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International Hrm


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International Hrm

  2. 2. Case: Molex <ul><li>World’s second largest manufacturer of electronic components </li></ul><ul><ul><li>50 manufacturing plants, 21 countries </li></ul></ul><ul><li>HRM viewed as most localized of all the functions </li></ul><ul><li>Hires experienced , educated foreign nationals in the US for foreign postings </li></ul><ul><li>Moves people around the world </li></ul><ul><li>In house management development programs </li></ul>18-
  3. 3. Human resource management (HRM) <ul><li>Refers to the activities an organization carries out to use its human resources effectively </li></ul><ul><li>Four major tasks of HRM </li></ul><ul><ul><li>Staffing policy </li></ul></ul><ul><ul><li>Management training and development </li></ul></ul><ul><ul><li>Performance appraisal </li></ul></ul><ul><ul><li>Compensation policy </li></ul></ul>18-
  4. 4. International human resource management <ul><li>Strategic role: HRM policies should be congruent with the firm’s strategy and it’s formal and informal structure and controls </li></ul><ul><li>Right People, Right Place, Right Time </li></ul><ul><li>Task complicated by profound differences between countries in labor markets, culture, legal and economic systems </li></ul>18-
  5. 5. Strategy, structure and control systems 18-
  6. 6. Staffing policy <ul><li>Staffing policy </li></ul><ul><ul><li>Selecting individuals with requisite skills to do a particular job </li></ul></ul><ul><ul><li>Tool for developing and promoting corporate culture </li></ul></ul><ul><ul><li>View People as Resource ($in profit out) </li></ul></ul><ul><li>Types of Staffing Policy </li></ul><ul><ul><li>Ethnocentric </li></ul></ul><ul><ul><li>Polycentric </li></ul></ul><ul><ul><li>Geocentric </li></ul></ul>18-
  7. 7. Ethnocentric policy <ul><li>Key management positions filled by parent-country nationals </li></ul><ul><li>Advantages: </li></ul><ul><ul><li>Overcomes lack of qualified managers in host nation </li></ul></ul><ul><ul><li>Unified culture </li></ul></ul><ul><ul><li>Helps transfer core competencies (and skills back) </li></ul></ul><ul><li>Disadvantages: </li></ul><ul><ul><li>Produces resentment in host country </li></ul></ul><ul><ul><li>Can lead to cultural myopia </li></ul></ul>18-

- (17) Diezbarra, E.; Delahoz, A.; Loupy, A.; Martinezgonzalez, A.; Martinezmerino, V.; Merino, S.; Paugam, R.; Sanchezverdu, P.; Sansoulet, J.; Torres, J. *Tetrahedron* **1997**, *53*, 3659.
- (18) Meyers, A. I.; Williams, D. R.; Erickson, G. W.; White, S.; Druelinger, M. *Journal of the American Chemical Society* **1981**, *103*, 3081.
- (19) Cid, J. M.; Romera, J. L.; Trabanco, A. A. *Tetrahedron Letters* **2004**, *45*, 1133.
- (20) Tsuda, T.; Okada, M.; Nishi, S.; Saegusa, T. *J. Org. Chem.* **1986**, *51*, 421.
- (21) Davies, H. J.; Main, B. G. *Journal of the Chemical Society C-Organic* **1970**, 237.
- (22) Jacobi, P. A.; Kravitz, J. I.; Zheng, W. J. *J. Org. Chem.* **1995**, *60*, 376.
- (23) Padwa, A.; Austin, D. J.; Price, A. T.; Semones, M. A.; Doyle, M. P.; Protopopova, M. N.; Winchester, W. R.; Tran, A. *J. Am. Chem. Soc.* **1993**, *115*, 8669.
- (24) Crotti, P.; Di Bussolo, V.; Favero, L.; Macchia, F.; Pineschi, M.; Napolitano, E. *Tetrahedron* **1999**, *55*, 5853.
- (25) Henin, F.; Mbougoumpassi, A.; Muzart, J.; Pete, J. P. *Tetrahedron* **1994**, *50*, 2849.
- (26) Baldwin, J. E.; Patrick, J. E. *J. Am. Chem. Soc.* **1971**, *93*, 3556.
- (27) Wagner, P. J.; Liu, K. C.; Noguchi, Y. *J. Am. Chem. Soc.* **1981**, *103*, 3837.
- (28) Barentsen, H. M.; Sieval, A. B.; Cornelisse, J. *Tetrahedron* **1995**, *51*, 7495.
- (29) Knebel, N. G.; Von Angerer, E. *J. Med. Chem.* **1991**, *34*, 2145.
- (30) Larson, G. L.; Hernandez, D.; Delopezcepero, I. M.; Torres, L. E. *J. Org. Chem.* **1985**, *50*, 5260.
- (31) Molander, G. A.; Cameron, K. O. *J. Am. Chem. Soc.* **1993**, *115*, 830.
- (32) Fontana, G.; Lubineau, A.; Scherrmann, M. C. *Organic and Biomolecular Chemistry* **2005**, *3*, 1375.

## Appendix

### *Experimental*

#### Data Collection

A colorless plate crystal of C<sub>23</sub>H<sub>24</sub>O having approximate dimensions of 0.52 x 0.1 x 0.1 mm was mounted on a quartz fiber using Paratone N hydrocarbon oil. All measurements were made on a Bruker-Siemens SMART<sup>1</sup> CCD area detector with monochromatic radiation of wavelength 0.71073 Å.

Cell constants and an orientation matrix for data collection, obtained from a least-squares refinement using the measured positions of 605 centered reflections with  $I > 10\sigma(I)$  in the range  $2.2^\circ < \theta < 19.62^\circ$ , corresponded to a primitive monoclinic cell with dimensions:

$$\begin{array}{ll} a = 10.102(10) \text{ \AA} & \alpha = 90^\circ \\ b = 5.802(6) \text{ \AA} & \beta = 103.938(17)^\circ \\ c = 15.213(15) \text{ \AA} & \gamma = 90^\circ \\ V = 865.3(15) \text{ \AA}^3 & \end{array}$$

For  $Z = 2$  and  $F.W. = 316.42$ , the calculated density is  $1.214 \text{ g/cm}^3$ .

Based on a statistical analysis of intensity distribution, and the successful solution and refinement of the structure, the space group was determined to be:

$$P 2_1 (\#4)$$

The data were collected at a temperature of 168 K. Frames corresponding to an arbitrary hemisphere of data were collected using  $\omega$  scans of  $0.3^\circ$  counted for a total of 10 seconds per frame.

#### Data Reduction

8. 8. Polycentric policy <ul><li>Host-country nationals manage subsidiaries </li></ul><ul><li>Parent company nationals hold key headquarter positions </li></ul><ul><li>Best suited to multi-domestic businesses </li></ul><ul><li>Advantages: </li></ul><ul><ul><li>Alleviates cultural myopia. </li></ul></ul><ul><ul><li>Inexpensive to implement </li></ul></ul><ul><ul><li>Helps transfer core competencies </li></ul></ul><ul><li>Disadvantages: </li></ul><ul><ul><li>Limits opportunity to gain experience of host-country nationals outside their own country. </li></ul></ul><ul><ul><li>Can create gap between home-and host-country operations </li></ul></ul>18-
  9. 9. Geocentric policy <ul><li>Seek best people, regardless of nationality </li></ul><ul><ul><li>not always possible </li></ul></ul><ul><li>Best suited to Global and trans-national businesses </li></ul><ul><li>Advantages: </li></ul><ul><ul><li>Enables the firm to make best use of its human resources </li></ul></ul><ul><ul><li>Equips executives to work in a number of cultures </li></ul></ul><ul><ul><li>Helps build strong unifying culture and informal management network </li></ul></ul><ul><li>Disadvantages: </li></ul><ul><ul><li>National immigration policies may limit implementation </li></ul></ul><ul><ul><li>Expensive to implement due to training and relocation </li></ul></ul><ul><ul><li>Compensation structure can be a problem. </li></ul></ul>18-
  10. 10. Comparison of staffing approaches 18-